A: I had been an industrial steel fabricator for many years, and I was also designing and building custom homes. But I always dreamed of having my own small shop. So I bought an industrial building and decided I didn't care what I built, I just wanted to do my own thing, whatever that might be (without any employees). The first piece I built on a weekend just for fun. It was a cool table - that did it. I had never seen one like it. So I started making cool functional pieces. A chair, a fantasy table, etc. Then one day I did a fanciful piece of a fellow dancing, all by himself. He looked like I felt. From that day I built my dreams, daydreams, any dreams.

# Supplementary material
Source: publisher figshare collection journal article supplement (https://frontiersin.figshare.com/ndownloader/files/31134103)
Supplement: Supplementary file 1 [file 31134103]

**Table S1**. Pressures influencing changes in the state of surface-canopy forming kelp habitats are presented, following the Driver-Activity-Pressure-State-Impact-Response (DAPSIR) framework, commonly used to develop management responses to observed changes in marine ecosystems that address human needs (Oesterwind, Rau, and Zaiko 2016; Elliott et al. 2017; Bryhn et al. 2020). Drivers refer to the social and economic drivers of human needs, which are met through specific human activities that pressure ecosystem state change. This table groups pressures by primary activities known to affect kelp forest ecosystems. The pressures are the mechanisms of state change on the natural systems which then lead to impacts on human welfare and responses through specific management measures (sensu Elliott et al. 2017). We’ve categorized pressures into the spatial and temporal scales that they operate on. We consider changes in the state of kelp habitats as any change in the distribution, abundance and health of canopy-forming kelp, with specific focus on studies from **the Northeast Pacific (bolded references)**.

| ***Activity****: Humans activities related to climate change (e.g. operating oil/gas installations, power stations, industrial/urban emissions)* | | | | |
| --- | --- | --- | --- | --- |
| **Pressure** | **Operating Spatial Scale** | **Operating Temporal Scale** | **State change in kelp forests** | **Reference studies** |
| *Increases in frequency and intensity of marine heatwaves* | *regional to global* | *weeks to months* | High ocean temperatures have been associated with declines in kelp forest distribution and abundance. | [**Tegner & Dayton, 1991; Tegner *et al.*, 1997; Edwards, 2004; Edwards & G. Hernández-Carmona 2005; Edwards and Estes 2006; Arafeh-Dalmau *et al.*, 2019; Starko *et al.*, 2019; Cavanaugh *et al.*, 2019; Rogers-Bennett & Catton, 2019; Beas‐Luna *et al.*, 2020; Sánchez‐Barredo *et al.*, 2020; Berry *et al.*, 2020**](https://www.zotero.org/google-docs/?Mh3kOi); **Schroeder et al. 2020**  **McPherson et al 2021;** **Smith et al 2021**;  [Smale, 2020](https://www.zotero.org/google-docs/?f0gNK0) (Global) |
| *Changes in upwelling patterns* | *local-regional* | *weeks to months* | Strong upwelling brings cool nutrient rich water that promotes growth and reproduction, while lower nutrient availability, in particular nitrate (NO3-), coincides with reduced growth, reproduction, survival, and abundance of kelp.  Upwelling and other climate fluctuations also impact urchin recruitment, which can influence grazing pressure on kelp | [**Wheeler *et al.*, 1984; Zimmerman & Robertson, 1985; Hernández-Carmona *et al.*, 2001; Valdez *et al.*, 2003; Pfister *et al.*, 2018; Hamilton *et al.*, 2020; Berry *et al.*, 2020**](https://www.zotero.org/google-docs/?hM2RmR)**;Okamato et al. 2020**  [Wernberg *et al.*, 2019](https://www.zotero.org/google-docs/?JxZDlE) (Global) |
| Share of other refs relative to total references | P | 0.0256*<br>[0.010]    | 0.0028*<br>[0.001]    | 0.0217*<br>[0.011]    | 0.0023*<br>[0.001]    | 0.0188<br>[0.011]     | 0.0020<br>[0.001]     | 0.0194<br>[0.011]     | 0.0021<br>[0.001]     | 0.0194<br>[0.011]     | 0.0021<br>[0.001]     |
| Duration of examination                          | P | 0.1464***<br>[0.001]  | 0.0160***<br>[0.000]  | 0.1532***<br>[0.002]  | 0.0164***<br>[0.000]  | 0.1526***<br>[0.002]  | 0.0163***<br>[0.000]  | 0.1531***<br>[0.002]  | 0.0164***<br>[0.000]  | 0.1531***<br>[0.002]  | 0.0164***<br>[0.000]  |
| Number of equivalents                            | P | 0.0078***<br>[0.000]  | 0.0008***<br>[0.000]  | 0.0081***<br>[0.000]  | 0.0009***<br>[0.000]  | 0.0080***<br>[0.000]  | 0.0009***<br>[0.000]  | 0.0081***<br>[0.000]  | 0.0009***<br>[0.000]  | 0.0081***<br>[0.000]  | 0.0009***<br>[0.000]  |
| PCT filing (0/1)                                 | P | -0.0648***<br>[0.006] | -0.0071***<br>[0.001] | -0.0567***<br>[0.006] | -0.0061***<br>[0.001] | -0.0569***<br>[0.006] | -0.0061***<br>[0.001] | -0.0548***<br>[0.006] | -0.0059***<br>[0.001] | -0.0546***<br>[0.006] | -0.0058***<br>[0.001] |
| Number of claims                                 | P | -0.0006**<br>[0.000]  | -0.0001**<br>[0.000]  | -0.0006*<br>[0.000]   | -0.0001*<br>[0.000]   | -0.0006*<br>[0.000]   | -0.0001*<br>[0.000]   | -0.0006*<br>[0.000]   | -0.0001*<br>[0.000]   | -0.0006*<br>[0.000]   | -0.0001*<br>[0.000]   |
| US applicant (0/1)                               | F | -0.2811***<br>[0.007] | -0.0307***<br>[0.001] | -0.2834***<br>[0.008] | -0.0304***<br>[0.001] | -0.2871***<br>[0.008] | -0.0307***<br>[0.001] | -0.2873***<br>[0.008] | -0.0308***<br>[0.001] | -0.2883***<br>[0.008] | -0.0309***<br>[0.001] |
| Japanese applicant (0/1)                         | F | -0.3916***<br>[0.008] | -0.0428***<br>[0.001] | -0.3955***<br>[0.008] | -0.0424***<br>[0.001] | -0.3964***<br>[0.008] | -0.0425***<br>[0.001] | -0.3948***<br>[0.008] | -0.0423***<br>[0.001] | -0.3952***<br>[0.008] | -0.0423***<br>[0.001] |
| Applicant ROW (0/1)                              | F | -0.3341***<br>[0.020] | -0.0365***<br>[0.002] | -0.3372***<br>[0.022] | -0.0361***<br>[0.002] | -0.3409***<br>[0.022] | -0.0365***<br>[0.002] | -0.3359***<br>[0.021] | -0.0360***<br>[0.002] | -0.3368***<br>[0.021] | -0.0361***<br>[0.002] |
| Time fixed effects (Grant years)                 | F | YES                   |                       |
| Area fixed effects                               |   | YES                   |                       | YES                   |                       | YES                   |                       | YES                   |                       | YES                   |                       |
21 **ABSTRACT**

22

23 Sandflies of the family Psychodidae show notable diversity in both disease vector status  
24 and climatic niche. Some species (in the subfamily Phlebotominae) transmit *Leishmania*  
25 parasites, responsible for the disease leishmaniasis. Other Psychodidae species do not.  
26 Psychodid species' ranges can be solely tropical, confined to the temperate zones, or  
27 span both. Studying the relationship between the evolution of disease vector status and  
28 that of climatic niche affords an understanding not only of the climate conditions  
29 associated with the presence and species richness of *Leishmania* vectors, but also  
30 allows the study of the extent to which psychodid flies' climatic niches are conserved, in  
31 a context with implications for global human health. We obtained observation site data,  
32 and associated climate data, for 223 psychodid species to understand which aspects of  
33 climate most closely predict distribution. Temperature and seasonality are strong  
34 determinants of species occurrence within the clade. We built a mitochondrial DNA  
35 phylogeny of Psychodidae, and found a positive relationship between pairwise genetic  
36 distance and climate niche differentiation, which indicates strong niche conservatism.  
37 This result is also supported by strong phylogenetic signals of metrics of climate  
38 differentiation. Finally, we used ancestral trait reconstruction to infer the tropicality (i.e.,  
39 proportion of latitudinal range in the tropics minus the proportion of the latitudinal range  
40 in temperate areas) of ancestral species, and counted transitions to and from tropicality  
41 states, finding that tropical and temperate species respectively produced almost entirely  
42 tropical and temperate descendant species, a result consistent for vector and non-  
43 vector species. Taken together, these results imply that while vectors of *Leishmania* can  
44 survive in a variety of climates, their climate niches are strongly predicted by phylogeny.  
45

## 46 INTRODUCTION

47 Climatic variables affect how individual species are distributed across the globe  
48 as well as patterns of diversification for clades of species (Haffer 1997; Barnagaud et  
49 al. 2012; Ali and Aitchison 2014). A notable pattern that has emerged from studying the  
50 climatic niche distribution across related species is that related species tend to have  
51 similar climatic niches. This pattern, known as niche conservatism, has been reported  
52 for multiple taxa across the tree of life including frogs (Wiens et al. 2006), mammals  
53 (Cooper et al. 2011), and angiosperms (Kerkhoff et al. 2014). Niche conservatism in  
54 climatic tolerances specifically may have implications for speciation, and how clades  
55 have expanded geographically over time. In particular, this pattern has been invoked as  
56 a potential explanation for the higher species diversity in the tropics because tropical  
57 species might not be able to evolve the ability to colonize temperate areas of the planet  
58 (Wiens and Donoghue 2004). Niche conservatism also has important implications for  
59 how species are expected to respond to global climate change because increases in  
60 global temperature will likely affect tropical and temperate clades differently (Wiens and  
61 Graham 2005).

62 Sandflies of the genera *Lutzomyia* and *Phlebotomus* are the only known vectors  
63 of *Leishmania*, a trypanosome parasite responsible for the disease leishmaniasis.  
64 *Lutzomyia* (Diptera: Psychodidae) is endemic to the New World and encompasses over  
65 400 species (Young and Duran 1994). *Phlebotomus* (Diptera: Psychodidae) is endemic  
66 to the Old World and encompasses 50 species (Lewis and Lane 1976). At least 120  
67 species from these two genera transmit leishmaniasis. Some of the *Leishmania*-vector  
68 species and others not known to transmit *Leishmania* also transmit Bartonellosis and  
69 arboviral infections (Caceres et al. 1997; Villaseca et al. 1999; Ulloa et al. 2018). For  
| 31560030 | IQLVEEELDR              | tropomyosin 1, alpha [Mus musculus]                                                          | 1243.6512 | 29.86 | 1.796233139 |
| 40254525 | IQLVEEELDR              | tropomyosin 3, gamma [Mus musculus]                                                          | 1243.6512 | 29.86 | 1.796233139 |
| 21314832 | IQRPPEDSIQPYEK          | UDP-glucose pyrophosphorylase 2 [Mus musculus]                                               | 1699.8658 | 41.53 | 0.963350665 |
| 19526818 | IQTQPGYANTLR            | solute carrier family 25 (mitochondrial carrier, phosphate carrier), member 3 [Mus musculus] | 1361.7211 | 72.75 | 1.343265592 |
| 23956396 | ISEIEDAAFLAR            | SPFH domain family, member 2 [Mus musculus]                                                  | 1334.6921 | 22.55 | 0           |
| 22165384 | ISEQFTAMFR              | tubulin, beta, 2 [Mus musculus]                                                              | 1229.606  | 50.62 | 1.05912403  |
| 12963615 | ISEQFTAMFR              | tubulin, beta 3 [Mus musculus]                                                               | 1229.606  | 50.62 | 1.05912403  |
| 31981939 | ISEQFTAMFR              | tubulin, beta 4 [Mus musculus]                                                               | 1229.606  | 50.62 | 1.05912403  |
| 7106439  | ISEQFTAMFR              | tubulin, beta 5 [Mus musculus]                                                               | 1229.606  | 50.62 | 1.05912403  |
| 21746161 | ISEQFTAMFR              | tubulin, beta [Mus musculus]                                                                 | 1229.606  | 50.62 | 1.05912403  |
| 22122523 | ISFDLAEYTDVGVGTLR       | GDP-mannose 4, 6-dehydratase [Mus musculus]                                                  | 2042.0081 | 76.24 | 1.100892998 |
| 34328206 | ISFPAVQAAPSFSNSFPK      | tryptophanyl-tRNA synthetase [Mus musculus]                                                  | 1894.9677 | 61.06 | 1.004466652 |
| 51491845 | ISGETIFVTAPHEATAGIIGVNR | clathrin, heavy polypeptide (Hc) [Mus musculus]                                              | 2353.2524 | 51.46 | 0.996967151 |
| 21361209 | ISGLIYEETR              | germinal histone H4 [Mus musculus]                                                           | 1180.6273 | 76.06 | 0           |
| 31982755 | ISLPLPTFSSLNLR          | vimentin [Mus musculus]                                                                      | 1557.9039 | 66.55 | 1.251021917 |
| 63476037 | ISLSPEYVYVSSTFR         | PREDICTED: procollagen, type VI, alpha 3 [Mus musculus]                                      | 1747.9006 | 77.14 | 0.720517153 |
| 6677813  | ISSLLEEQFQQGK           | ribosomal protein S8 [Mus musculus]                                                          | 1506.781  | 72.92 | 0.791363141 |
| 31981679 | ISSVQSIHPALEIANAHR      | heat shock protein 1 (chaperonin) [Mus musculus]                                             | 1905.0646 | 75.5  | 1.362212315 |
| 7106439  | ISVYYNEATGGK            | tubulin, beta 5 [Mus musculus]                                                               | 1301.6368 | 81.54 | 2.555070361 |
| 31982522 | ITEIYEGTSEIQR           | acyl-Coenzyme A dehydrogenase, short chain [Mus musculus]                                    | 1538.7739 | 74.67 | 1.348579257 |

Q: How does creating art fit into your life? (Do you paint for long drawn out periods or for short bursts daily? Does it allow you to travel?)

A: My life IS my art. Let me clarify that. Our life (my wife and I) is about art. We live it, talk it, dream it. We discuss ideas together constantly. And yes, we love to travel, and I draw and design as a part of that travel. Everything we see is inspirational. I'm usually very excited to return to my Studio and create some or all of the drawings. When I'm drawing my designs I usually work in one or two hour 'bursts' throughout the day. When I'm building a sculpture, I work at it all day, every day.

Q: What are some of the biggest benefits to working as an artist? (Is it the people that you meet? The sales of the sculptures? Etc.)